The difference between the two areas of study is well defined. Anything having to do with injuries, disease, or pathogenic conditions is considered a medical problem. Taking a healthy, normal individual from the norm to a more fit condition is considered in the realm of the Trainer. Recommending aspirin for pain is prescribing medication. Suppose the client is allergic to aspirin or has a bleeding ulcer, you will be liable for injuries sustained. Have you given the client a full physical, no it's not in your expertise to do so. Just because the medication is classified as "over-the-counter" does not mean that it is not medication. So the standard advice for muscle soreness after a workout to take ibuprofen and rest for a couple of days is stepping over the bounds of the Trainer. If you are not sure about this, ask your insurance company and get it in writing if they say it's ok. Can you recommend sleep and hot chicken soup, yes but not as a remedy for an injury. You may instinctively know that ibuprofen is the remedy for sore muscles, just as you know that amoxicylin is the cure for a bacterial rash but you would know better than to recommend it to a client; some people are severely allergic to this type of antibiotic.

Shipboard Trainers of History

Did you know that while the band on the Titanic played, the Personal Trainer in the gymnasium encouraged people to try out the new equipment as the ship was sinking. Also, in the late 18th century, Captain Bligh of the HMS Bounty encouraged his crew to group dance everyday. In fact it was an order. He felt that it fostered good mind and healthy body.

Q & A

Q: I'm a fairly fit 20 year old. I do a mixture of cycling, rowing and running for exercise. I've recently bought a heart rate monitor and have found that my heart rate reaches rather high levels. For instance today I went for a 50 min run, and my heart rate averaged 172 overall and was often above 180. Is this dangerous? I felt tired afterwards but nothing unusual. What sort of training would be best to reduce my heart rate?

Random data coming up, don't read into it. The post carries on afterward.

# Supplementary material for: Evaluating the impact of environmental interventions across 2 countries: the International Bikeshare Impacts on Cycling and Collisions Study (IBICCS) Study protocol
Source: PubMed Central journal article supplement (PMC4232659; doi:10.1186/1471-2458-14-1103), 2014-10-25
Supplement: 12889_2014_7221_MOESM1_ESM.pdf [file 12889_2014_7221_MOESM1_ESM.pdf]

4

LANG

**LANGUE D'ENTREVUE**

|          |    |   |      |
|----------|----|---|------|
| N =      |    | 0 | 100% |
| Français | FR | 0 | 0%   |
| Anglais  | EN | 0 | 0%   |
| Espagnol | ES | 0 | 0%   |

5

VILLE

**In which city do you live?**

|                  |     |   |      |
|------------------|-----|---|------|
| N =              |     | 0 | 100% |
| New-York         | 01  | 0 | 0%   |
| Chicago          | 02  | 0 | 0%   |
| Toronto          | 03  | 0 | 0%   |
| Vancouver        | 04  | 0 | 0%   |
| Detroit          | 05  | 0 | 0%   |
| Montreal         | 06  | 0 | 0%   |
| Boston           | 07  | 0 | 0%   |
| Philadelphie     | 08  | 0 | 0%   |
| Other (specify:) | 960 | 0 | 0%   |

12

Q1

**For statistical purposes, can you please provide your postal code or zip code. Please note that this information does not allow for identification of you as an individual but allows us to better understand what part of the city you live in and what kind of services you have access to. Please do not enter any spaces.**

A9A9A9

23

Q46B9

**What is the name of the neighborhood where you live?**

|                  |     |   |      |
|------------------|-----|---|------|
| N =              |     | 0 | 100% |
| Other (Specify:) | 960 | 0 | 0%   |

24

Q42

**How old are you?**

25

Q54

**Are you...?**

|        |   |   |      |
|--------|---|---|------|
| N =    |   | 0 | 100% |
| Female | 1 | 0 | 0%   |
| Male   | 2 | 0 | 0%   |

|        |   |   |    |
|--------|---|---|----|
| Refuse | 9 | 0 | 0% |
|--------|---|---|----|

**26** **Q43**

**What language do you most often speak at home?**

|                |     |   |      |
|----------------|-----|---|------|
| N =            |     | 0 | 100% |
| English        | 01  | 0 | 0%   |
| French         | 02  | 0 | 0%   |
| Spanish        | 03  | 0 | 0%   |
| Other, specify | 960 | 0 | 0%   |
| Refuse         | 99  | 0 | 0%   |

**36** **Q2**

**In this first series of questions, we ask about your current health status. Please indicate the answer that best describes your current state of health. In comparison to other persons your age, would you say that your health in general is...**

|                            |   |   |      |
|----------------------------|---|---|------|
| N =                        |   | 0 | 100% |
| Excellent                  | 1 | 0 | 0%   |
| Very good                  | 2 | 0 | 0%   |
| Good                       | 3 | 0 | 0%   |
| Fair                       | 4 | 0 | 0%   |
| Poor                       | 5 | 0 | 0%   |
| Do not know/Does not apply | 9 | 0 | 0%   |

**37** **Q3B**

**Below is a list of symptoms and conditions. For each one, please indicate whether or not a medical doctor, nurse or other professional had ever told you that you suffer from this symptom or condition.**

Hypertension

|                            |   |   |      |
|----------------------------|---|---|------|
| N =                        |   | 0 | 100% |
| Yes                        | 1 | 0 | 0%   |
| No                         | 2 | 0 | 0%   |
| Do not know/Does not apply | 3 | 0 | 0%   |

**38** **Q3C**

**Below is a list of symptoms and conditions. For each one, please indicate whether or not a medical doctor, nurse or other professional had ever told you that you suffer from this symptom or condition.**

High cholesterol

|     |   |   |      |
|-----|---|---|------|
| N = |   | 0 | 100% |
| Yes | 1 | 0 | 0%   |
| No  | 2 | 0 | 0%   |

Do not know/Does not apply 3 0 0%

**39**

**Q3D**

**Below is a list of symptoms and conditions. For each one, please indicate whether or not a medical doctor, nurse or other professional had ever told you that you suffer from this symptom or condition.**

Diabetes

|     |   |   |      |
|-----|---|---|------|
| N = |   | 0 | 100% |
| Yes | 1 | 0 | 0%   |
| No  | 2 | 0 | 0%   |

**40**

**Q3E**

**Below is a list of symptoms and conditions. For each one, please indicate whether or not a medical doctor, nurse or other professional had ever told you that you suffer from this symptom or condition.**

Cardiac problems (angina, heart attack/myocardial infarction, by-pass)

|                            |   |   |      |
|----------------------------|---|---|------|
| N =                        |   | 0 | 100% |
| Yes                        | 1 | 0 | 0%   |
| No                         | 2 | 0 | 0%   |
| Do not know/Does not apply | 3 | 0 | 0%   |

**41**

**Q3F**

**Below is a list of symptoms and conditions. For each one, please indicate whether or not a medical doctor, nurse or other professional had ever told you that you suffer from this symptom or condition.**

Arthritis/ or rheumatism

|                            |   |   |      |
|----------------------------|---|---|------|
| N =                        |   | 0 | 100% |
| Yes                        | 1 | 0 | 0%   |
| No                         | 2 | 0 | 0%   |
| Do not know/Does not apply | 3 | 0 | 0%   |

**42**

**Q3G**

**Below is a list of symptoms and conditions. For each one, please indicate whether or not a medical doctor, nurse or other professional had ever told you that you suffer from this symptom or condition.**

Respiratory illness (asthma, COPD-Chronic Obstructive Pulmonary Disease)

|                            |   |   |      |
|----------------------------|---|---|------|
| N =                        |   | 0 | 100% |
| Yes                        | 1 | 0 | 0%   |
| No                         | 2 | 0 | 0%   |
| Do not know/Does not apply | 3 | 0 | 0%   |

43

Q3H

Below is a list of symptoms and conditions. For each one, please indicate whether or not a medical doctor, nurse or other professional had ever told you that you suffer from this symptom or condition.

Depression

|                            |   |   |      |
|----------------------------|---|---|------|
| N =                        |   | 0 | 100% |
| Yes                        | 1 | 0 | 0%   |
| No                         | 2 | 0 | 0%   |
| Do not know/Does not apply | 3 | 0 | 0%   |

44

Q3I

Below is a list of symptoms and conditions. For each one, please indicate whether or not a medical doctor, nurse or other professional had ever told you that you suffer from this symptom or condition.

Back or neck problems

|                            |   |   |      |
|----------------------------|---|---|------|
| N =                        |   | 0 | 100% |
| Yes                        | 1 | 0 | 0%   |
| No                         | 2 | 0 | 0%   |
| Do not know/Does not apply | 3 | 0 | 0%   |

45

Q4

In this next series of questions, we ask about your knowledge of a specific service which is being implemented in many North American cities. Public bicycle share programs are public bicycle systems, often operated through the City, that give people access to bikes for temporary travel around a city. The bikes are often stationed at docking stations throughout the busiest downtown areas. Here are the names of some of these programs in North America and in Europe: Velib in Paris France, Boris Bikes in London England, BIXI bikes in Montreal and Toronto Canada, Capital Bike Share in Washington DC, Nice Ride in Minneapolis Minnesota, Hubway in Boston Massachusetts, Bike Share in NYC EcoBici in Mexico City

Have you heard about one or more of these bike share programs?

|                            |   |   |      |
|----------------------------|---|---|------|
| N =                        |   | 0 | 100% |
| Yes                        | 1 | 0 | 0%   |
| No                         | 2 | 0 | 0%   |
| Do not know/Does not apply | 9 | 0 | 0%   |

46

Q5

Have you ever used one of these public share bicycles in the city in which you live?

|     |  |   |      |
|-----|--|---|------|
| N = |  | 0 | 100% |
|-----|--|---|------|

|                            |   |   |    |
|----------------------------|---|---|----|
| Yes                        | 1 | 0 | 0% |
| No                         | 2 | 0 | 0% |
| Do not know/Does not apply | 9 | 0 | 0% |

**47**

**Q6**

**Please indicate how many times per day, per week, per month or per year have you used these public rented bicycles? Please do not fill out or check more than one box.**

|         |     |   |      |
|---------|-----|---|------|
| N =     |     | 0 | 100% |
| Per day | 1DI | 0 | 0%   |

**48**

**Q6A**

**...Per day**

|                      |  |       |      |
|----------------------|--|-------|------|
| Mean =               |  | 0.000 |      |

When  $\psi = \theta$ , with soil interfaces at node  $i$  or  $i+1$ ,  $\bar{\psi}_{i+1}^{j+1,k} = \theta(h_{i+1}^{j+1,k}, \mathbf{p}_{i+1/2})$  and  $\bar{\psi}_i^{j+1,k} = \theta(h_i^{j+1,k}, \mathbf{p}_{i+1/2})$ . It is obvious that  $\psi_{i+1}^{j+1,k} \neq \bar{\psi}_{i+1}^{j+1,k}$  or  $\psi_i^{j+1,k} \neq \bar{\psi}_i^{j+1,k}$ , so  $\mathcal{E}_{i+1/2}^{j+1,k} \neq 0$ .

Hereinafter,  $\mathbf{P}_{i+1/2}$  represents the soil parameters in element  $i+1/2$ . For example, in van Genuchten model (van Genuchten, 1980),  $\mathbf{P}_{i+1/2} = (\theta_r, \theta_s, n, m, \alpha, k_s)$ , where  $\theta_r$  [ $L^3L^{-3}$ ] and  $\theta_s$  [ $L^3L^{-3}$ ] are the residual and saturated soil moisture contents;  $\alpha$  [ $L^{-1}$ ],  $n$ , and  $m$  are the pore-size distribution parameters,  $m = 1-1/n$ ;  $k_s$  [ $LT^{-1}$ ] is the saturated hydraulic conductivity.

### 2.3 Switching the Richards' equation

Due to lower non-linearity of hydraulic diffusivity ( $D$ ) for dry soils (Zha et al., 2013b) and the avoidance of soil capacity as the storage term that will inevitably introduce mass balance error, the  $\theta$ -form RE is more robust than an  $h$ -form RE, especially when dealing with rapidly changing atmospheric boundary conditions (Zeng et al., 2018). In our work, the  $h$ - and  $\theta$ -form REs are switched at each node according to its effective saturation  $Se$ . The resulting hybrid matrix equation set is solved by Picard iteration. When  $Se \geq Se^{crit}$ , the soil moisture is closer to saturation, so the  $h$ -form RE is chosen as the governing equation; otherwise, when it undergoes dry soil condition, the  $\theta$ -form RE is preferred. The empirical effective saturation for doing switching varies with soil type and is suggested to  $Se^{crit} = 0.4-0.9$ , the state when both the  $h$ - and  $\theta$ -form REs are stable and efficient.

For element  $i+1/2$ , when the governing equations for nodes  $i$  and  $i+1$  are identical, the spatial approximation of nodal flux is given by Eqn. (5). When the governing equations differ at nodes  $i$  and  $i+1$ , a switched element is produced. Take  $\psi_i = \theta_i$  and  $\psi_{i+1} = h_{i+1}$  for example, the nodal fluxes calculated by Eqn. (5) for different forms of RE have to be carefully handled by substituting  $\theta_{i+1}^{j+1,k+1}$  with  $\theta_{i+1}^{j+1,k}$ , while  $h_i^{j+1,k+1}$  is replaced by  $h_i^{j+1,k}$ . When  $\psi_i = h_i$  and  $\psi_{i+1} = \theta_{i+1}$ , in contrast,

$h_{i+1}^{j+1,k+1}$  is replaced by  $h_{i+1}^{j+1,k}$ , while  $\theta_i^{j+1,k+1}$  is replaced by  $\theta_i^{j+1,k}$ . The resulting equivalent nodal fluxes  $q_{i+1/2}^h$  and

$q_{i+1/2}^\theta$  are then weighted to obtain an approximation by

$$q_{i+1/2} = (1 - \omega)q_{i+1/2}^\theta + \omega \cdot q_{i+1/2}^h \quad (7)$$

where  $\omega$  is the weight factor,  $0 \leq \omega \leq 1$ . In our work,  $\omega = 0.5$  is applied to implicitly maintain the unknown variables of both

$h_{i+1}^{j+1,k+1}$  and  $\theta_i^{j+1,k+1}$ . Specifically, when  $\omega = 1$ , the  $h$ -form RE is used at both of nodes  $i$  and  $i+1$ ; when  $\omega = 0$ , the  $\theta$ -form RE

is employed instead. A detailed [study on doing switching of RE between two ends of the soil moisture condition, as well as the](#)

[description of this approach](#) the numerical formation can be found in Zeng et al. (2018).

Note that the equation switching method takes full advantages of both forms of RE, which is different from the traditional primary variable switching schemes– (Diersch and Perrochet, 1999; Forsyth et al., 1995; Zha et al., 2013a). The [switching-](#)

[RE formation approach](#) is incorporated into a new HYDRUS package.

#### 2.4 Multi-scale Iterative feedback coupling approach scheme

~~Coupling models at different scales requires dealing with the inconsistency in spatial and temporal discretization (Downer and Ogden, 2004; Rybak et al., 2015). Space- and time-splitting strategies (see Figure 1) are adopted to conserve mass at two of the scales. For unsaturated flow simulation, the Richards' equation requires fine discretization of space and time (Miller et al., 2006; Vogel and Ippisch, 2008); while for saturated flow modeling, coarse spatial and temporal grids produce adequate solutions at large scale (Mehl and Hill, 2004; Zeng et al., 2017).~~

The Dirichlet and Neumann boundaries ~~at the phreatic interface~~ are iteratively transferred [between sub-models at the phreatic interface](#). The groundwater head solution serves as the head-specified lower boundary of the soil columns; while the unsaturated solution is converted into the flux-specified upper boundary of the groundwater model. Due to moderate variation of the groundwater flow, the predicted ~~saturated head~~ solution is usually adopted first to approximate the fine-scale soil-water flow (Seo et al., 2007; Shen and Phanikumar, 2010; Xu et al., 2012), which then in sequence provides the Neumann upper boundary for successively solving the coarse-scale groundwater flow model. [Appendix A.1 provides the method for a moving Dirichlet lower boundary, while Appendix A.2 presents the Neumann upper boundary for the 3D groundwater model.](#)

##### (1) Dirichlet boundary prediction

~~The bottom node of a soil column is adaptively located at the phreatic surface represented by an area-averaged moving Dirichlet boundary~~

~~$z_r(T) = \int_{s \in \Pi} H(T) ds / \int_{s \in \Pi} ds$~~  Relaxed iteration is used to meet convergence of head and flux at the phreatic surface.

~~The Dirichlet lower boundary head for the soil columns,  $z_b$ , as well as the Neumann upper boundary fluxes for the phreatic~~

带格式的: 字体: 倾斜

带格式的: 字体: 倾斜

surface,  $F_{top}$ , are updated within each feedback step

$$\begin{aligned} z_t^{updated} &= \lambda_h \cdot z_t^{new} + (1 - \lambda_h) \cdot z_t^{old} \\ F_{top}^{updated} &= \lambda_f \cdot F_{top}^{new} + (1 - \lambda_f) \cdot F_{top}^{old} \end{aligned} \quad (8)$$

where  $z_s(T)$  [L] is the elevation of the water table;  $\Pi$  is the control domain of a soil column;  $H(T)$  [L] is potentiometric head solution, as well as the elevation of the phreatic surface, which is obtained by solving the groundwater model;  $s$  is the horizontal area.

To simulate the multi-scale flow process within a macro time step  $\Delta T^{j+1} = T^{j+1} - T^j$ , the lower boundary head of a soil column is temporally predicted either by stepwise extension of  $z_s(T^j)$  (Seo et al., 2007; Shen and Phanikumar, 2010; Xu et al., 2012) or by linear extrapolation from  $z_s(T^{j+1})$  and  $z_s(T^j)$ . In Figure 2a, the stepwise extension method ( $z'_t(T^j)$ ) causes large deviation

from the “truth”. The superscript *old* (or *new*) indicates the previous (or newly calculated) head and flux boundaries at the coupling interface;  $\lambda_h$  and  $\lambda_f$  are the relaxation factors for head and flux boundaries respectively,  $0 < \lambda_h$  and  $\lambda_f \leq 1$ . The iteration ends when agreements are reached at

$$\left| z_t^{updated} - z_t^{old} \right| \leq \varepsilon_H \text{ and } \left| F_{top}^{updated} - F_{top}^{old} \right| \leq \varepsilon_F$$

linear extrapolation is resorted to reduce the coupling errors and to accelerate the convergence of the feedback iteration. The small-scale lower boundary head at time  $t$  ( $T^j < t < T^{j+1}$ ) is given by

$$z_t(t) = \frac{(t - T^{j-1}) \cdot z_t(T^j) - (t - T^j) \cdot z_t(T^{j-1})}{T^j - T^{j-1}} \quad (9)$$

A: Your max heart rate is 200. This is found by subtracting your age from 220. For cardio training benefits, you will want to work at the 80% to 85% of your maximum heart rate. Therefore, you should be at 160 bpm to 170 bpm. Chocolate, Caffeine and certain herbals are a stimulant and may be causing the higher heart rate. The best cardio training is just what you are doing. Continue monitoring your heart rate and keep it below 170. If your feel dizzy or light-headed and experience any pain, then you should see a doctor.

Q: I need your help urgently. I am having severe hair loss for 6-7 months now. I am afraid that I am becoming bald. I need your help. What are the precautions or medicines that I have to take? I am taking a multi-vitamin and iron with folic acid for 2 months without improvement. I even tried using minoxidil without any improvement. Ten months ago, I got had surgery. I used lot of antibiotics. Could this be the reason for my hair loss? Hope you can provide an answer for my problem as soon as possible.

A: Sometimes stress will cause this. Don't worry it is most likely temporary. Use a good shampoo to unclog pores in the scalp. Drink plenty of water. Dehydration can also be a cause. Medicines don't cause it to grow but they may cause it to temporarily fall out. The surgery is very stressful to the body. And lastly, if you worry about your hair, it too can cause it to fall out... stress. So be happy, drink plenty of water and eat well.

Q: What can I do to protect myself from law suits when training people in my home against sexual harrassment?

A: The fact that you have a concern leads me to believe that this is an issue that you've seen happen before. Some areas are more litigious than others. If you have a genuine concern, chances are that it is an valid one. A doctor deals with the situation by having a nurse present. Obviously he has no other option. He has a concern because he has seen it happen before. It's a personal and business decision to make on your part based on the area that you are in and the people that you will be training. There is no easy solution, if their where, the problem wouldn't exist. The only other option is to train other than young women, which won't prevent the problem but may limit your exposure.